We don’t usually associate Emily Dickinson with metapoetry or with the widespread sampling and recontextualizing such as found in T. S. Eliot’s “The Waste Land.” But this poem from Dickinson, one of her best-known, could be engaging in something we could call that.
The poem starts off with a clear indication of reference, by putting its first word in quotes. Based on Emily’s unusual but internally consistent style, I don’t believe that she’s using quotes to indicate hope as concept, as an ideal (she capitalized words to indicate that sort of thing). If it’s a quote, she’s referencing someone else. Who said this “Hope?”
My chief candidate would be the poet and poem from our last post, Emily Bronte and Bronte’s poem “Hope.” If you read and listened to “Hope” in our last post you’ll know that “Hope” isn’t a hopeful poem at all. Dickinson’s poem, on the other hand, is often viewed as praising hope, but if you read/listen to them together, Bronte’s poem sheds a different light on the much better-known “thing with feathers” poem.*
Dickinson seems to start where Bronte ended. Bronte’s hope has feathered wings, and it uses them to soar to heaven to never return. Dickinson starts with “hope” only specifically given the potential for flying away, but Dickinson has “hope” sticking around. Some read the feathered aspect of Dickinson’s image as cute, like a pet songbird, a friendly image, but I don’t think Dickinson does cute much, and I’m not sure she’s doing it here.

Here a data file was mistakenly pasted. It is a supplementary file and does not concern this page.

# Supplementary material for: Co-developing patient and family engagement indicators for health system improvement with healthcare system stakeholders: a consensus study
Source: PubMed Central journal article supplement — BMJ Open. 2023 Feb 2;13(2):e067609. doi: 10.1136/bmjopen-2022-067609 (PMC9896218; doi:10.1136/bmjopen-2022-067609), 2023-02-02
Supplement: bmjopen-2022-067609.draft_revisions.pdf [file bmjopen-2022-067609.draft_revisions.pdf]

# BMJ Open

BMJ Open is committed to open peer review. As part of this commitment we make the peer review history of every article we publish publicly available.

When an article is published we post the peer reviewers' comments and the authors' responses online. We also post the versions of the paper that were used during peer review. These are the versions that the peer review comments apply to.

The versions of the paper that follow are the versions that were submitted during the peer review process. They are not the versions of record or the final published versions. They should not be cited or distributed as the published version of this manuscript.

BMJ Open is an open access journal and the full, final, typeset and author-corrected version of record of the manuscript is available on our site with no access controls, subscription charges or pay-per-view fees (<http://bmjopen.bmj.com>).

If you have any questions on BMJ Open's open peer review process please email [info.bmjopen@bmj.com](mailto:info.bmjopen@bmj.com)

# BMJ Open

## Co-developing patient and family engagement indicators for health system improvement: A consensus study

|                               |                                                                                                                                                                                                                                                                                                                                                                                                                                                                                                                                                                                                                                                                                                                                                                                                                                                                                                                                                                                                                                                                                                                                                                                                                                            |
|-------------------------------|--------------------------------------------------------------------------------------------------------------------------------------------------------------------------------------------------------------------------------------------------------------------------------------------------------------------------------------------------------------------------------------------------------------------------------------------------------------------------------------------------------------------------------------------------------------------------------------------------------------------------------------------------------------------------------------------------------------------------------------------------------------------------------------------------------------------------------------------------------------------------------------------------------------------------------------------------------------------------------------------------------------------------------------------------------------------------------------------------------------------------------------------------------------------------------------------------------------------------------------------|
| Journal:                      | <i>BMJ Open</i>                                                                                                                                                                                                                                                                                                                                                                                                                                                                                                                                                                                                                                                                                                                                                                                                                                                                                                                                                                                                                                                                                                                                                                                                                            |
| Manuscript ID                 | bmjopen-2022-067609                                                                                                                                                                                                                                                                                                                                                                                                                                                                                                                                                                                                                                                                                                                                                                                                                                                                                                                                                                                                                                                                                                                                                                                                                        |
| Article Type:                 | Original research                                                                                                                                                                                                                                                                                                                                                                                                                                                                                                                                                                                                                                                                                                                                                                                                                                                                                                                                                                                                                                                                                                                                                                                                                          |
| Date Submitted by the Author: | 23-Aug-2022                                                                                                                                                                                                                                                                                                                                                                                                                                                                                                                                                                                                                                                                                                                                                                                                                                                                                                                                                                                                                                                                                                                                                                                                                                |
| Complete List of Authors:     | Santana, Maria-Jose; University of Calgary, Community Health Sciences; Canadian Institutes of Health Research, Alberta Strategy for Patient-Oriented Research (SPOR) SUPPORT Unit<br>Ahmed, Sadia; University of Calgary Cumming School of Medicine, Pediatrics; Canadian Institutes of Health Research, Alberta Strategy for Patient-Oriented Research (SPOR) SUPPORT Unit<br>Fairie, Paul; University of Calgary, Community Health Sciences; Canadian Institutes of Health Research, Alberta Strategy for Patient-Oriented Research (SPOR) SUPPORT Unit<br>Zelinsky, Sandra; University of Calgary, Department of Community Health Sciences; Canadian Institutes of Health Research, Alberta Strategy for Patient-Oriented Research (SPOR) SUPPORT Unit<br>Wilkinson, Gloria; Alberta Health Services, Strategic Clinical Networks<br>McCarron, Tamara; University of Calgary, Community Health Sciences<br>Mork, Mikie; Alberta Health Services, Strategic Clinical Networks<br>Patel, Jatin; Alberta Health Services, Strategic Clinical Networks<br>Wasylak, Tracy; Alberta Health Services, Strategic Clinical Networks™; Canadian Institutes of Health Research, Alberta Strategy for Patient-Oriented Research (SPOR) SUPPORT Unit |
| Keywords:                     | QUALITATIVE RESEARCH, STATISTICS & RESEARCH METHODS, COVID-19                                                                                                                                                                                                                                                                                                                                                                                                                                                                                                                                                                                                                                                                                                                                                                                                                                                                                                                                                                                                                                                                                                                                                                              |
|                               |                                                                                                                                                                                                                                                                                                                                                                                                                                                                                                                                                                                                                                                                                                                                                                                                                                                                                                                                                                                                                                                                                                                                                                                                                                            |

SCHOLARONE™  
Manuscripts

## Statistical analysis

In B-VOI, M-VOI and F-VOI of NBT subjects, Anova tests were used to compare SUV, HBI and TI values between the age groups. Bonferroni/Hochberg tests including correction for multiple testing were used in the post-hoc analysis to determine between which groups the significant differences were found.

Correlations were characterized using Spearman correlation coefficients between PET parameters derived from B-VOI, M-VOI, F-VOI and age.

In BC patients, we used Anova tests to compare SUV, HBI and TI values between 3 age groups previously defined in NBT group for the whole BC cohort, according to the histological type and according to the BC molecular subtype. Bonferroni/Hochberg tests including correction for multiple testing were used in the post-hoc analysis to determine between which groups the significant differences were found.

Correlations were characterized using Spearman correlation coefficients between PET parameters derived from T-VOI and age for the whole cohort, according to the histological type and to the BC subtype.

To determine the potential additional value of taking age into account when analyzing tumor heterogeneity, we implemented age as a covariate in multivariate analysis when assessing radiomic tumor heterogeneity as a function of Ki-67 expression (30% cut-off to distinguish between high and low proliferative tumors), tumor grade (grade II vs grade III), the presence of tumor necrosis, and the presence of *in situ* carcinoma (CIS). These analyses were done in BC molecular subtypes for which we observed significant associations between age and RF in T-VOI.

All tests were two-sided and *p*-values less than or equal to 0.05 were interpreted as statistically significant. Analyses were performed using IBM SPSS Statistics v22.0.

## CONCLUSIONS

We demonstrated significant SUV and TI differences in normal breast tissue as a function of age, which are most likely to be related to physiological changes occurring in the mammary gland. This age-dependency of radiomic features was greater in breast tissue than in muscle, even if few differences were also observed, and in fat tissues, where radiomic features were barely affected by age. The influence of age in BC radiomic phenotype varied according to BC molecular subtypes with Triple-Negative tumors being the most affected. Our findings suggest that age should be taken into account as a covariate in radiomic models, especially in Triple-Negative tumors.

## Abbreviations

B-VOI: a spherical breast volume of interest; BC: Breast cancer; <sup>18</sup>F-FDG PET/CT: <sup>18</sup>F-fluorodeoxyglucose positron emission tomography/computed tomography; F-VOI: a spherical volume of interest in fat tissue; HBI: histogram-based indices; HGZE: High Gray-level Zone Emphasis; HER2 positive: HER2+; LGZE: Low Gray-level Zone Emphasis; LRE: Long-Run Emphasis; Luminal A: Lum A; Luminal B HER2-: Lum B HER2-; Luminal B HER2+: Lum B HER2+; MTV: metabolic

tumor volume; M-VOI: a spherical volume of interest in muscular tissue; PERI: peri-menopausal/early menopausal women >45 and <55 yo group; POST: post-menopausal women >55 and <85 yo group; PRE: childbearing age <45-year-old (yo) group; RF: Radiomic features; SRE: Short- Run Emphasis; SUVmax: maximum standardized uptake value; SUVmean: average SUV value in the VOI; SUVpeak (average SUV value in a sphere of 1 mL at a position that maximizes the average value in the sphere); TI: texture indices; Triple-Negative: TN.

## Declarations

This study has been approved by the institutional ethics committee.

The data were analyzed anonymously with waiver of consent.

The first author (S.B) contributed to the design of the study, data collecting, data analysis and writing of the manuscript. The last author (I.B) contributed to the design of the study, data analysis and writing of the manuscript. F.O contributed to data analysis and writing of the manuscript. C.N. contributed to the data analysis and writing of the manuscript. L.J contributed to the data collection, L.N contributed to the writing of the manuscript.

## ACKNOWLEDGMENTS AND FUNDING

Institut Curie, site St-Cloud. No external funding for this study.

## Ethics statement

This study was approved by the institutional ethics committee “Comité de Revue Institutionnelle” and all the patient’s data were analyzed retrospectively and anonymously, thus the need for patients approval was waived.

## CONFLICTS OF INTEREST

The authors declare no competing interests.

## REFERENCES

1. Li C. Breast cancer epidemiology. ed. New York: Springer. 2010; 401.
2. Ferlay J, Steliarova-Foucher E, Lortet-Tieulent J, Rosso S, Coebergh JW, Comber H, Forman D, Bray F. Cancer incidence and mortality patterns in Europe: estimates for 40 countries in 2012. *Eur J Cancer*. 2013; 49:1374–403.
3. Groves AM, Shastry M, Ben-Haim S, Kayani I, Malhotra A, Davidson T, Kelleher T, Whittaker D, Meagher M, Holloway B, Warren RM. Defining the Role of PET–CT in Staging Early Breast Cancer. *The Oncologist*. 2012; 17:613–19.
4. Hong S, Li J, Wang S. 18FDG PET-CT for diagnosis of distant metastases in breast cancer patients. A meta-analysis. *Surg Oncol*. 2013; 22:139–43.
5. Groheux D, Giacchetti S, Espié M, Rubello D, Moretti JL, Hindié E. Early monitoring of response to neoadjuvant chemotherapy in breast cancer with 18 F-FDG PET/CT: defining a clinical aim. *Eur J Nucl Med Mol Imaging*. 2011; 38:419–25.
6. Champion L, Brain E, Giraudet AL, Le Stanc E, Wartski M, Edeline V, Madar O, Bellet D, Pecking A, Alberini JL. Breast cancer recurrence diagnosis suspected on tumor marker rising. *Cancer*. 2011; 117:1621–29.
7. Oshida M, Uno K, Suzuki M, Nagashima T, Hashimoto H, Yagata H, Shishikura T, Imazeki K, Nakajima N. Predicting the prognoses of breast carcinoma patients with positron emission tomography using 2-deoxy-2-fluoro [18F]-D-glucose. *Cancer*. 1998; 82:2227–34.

My wife sent me this and I believe the illustration is by Wendy MacNaughton.
What Dickinson says about hope in the rest of the poem has been read as outright praise, but if we take that fly-away-and-feathers link between Bronte and Dickinson, we should be alerted that there may be more shading the situation.
For those who’d like to read along, here’s today’s text and the Bronte poem it may be referencing
Dickinson’s hope sings without words, which is a statement of great ambiguity from a poet. Abstract sound that goes beyond meaning is part of poetry’s power, yes, but “without words” may also say that, for good or ill, hope is generalized and not realized by the specifics of the situation. A song without words could be like advice that things will always get better, always turn out fine. A friend or advisor that always tells you that; whose non-specific hope is constant and never relenting can be a “not today please!” thing after all.
The second stanza is an extended metaphor of the hope-birds sweet song in a storm. “Plucky little bird! Good for it!” Is one reading. But there’s an odd line in there that must be weighed too. If the storm is bad enough the bird might be abashed, embarrassed, Dickinson says. Why would that be? Is the hope-bird, shy, timid? Bronte’s hope is said to be in her poem’s first line, and that turns out to be a very severe flaw as Bronte develops it. Could it be even darker? Did the hope-bird say listen to my hope-song in the storm and not fear—oh, how embarrassing—category 5, your town is wiped out by the tornado or hurricane?